The State of Solar in the Lone Star State

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Is solar starting to pick up in Texas? The state has over 200 days of sunshine and large amounts of land. If you include all the usable land (not just rooftops) in Texas, it has twice the solar potential of any other state, according to the Solar Energy Industries Association (SEIA).

But at #8 in the list of top solar states, Texas is not where it should be.

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What’s stopping solar in Texas from getting bigger?

Everything’s big in Texas, so why isn’t solar? A few factors are at play:

  • Grid electricity is still relatively cheap in Texas.
  • Policy in the state doesn’t encourage solar, especially in the residential sector. In many states, utilities have to buy back the power a homeowner produces at the retail rate. In Texas, on the other hand, homeowners often can’t full credit for the power they produce — and that varies from utility to utility.
  • Texas doesn’t have as favorable incentives for solar as some states.
  • Texas, like most states, has a renewables portfolio standard (RPS). But it’s small, at about 5.5 GW, and had no solar requirement. It was met ahead of schedule mostly by wind power, which till recently was more cost-effective than solar.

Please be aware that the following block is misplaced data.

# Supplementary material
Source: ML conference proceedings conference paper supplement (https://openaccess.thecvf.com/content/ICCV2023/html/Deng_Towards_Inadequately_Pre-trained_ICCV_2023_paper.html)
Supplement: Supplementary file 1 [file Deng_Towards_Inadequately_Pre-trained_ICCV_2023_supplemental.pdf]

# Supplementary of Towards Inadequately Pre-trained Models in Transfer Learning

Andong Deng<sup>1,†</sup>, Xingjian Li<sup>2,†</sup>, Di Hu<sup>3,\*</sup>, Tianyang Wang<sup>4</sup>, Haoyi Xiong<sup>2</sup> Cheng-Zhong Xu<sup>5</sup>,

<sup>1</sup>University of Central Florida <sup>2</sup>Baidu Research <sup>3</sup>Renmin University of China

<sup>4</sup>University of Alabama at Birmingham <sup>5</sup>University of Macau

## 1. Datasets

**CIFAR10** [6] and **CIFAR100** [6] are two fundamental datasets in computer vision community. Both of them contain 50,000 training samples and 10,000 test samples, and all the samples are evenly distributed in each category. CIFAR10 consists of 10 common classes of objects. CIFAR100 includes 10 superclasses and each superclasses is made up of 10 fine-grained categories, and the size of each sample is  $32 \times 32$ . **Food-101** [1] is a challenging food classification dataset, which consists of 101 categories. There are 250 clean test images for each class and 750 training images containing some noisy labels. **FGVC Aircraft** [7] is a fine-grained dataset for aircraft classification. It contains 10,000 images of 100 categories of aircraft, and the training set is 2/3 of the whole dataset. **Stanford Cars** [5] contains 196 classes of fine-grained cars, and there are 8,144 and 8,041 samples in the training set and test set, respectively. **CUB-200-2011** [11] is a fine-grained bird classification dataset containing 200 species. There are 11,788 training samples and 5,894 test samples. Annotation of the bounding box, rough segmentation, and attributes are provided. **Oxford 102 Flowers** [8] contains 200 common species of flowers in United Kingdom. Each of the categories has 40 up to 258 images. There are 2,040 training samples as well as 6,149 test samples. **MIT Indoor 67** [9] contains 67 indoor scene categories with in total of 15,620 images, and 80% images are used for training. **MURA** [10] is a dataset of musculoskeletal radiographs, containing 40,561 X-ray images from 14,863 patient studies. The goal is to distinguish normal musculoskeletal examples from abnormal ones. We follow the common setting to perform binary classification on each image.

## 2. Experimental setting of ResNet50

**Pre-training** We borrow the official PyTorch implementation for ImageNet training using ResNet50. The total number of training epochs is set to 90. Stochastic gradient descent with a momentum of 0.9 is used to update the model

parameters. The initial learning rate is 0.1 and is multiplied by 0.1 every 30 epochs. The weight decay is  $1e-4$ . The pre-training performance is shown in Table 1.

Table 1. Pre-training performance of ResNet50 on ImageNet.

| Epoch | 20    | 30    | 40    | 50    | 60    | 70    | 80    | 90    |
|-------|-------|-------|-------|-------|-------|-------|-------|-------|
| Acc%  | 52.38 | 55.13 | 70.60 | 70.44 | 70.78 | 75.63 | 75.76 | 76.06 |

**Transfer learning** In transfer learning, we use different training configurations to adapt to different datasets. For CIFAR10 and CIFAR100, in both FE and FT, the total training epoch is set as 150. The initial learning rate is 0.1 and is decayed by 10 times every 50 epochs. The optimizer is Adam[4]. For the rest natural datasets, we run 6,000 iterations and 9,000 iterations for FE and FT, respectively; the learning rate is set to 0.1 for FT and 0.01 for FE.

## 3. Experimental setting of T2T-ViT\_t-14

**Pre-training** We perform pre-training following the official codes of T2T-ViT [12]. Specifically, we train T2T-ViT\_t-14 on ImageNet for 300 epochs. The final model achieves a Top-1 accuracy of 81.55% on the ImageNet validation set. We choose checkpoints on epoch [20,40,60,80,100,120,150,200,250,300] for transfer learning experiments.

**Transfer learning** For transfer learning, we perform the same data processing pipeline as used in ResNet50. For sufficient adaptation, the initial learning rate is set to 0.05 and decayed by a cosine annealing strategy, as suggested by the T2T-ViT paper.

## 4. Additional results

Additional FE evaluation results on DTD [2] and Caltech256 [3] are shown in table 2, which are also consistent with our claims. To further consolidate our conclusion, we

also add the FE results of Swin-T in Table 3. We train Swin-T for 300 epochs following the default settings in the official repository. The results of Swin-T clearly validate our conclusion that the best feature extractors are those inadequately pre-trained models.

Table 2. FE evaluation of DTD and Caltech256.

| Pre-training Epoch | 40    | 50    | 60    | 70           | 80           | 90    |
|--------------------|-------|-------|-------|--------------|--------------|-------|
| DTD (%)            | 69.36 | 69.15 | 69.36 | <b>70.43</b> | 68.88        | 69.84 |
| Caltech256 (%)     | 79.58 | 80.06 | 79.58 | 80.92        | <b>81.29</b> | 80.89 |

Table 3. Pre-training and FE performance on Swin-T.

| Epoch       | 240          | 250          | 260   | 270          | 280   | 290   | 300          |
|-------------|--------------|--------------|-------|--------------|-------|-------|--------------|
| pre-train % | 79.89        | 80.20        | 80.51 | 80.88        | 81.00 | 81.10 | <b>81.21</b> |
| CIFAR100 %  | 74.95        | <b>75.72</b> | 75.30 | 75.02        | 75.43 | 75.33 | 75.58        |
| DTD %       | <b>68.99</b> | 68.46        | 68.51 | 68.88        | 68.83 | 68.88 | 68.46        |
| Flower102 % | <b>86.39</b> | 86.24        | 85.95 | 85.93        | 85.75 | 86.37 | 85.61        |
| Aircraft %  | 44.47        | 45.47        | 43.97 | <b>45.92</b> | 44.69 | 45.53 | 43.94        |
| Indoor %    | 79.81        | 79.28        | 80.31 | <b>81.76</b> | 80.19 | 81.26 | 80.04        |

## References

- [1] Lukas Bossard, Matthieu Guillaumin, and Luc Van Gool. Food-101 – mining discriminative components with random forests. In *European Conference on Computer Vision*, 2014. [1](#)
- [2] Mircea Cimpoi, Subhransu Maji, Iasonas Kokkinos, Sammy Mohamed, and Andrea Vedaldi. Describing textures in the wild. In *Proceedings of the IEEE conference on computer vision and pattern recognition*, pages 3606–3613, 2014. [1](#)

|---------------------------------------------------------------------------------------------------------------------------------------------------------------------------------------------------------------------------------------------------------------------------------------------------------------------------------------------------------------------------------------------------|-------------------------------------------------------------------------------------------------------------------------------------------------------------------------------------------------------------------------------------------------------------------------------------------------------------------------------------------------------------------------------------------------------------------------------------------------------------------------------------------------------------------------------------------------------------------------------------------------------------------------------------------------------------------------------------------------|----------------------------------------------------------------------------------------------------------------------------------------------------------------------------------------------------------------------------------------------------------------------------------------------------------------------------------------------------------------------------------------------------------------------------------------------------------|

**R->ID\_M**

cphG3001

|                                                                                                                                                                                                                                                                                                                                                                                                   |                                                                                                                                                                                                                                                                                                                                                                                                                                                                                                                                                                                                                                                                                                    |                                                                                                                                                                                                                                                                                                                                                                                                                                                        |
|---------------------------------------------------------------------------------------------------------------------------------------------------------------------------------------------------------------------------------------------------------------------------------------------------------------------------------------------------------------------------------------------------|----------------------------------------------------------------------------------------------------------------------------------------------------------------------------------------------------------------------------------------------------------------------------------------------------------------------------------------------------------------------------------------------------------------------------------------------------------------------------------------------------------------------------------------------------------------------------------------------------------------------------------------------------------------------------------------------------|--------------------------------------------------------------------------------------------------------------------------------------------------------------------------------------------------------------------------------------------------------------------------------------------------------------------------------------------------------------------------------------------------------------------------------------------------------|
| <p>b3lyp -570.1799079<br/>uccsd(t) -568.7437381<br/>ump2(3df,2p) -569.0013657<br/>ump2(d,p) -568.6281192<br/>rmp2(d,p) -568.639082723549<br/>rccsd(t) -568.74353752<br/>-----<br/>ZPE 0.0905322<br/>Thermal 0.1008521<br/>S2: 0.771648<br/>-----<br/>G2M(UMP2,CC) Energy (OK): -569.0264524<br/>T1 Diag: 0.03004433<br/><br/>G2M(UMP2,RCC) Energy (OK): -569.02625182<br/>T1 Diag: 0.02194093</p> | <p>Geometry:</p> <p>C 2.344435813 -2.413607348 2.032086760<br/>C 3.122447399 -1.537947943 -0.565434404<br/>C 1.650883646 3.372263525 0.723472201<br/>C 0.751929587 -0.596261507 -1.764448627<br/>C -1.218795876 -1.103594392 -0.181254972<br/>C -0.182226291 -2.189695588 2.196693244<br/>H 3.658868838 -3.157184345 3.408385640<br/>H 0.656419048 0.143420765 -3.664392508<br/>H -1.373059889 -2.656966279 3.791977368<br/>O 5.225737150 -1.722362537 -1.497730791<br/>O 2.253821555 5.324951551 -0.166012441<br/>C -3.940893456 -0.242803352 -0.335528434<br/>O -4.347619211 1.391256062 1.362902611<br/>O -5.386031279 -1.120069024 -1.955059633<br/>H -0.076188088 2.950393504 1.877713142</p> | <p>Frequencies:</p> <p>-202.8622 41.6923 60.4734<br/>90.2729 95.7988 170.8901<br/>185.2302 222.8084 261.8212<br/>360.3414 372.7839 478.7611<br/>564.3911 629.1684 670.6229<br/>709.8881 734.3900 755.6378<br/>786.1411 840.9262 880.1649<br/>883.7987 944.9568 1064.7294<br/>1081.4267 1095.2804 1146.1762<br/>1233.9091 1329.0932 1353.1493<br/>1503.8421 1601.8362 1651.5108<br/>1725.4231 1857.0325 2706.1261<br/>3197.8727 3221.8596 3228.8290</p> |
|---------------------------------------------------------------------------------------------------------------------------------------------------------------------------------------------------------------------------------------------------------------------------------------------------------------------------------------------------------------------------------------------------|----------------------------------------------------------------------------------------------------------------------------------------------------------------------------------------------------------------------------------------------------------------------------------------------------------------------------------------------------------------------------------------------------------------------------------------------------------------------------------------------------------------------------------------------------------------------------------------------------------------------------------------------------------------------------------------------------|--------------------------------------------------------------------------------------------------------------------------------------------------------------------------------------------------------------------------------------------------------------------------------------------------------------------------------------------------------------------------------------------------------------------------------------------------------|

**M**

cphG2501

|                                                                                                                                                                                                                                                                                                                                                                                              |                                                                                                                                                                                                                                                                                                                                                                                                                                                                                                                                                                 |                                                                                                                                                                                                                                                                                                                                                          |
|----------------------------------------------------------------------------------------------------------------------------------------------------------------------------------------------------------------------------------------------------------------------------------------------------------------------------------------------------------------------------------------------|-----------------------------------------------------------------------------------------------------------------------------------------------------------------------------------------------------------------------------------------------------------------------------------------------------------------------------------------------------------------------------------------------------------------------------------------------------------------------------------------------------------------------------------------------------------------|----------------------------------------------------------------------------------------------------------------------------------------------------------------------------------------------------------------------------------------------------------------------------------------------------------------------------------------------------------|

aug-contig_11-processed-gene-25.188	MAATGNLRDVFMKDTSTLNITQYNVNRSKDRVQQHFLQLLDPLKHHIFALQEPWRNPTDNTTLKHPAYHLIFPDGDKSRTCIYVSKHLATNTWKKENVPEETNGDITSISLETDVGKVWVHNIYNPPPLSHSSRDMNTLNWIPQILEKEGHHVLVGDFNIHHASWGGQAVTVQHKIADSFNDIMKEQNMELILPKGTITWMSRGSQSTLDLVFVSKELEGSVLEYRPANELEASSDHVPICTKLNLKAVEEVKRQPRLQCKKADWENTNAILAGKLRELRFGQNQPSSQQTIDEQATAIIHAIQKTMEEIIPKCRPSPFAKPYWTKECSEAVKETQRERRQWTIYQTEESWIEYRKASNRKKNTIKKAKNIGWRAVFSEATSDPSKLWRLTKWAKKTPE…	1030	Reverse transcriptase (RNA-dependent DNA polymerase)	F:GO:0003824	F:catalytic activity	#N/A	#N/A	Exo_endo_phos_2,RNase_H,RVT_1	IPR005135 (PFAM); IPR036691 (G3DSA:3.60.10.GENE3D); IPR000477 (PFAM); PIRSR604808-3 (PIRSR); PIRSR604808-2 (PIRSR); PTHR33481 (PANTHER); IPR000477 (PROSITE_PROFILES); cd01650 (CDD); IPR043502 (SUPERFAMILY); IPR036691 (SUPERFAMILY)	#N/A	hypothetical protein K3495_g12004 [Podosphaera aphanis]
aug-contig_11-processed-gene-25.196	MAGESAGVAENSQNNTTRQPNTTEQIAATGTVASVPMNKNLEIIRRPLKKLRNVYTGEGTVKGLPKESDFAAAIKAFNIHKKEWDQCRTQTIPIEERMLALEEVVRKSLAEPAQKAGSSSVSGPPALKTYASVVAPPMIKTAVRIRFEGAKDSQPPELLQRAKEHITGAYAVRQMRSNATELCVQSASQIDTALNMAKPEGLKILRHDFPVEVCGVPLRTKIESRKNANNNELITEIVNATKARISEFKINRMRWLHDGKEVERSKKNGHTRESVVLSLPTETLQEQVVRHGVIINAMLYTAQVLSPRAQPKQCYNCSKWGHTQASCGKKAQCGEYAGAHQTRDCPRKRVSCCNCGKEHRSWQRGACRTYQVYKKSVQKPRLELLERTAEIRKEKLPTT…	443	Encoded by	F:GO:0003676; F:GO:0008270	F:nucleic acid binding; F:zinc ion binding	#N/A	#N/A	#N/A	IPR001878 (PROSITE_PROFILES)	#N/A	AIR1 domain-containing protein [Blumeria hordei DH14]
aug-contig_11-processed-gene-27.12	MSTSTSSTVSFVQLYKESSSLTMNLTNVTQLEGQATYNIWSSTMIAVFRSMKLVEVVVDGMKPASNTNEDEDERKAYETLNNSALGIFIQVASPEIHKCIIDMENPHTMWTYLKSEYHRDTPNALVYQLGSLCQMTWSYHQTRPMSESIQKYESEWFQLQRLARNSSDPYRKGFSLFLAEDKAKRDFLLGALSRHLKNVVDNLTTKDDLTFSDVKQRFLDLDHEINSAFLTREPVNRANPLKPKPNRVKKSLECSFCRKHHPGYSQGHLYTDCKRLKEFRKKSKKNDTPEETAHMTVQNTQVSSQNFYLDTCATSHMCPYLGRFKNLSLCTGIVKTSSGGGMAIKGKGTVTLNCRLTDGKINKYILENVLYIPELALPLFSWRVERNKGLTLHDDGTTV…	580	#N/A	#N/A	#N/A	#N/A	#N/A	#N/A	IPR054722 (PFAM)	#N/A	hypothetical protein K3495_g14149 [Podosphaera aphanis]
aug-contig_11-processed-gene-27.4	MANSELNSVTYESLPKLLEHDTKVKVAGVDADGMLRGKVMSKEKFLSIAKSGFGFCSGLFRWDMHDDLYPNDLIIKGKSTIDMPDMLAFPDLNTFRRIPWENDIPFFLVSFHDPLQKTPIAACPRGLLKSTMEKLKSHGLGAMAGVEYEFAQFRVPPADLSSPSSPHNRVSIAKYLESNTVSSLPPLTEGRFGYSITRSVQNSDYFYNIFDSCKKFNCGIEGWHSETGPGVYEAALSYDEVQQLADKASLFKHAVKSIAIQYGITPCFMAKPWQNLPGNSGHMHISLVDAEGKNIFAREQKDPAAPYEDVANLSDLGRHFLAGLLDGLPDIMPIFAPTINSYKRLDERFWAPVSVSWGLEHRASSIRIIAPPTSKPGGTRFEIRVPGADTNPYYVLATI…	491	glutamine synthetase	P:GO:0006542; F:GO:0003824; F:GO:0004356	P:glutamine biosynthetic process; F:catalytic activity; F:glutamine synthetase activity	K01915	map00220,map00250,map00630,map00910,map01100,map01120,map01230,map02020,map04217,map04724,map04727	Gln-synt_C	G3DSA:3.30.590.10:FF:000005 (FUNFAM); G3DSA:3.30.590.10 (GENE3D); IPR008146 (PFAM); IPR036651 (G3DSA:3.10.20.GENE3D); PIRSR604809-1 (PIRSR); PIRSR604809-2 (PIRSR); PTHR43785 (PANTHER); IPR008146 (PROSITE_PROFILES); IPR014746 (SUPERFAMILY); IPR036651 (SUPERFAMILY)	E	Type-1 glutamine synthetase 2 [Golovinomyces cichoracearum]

What positive developments are happening in Texas?

There’s plenty of light at the end of the tunnel for Texas solar. Some think the solar industry there will follow the pattern for wind, which was slow to start but grew more quickly when penetration got high enough to attract some notice. For now, there have been a number of positive signs recently for solar in Texas:

  • As in other places, the plummeting price of solar will help it compete with grid electricity. The Union of Concerned Scientists even says we’re already at grid parity in Texas.
  • According to Greentech Media, the city of Austin’s recent resolution to make solar a “default” generation resource could provide a huge boost to the state’s solar market.
  • When Texas does go solar, it tends to go big. Commercial and utility-scale solar have been growing in the state more rapidly than residential, with help from companies like Meridian Solar. Solar developer OCI Solar Power and its partners are bringing 400 MW of clean energy to Texas as part of a solar agreement with CPS Energy. And First Solar’s Barrilla Solar Project, one of the largest in the state, just added about 18 MW of solar capacity to the state’s grid.
  • More residential solar options are entering the market, which is of course helped by falling prices. Texas homeowners, as in other states, are now finding they can save money with solar.
  • Demand for new energy in Texas is expected to grow, at the same time as coal plants there are retired. Solar will still have to compete with natural gas, but of course the falling price of solar will help yet again.
  • Wind development in Texas led to the creation of transmission lines that can also be used for solar.

With this much going for it, we feel confident saying that before long, solar will be the new wind in Texas.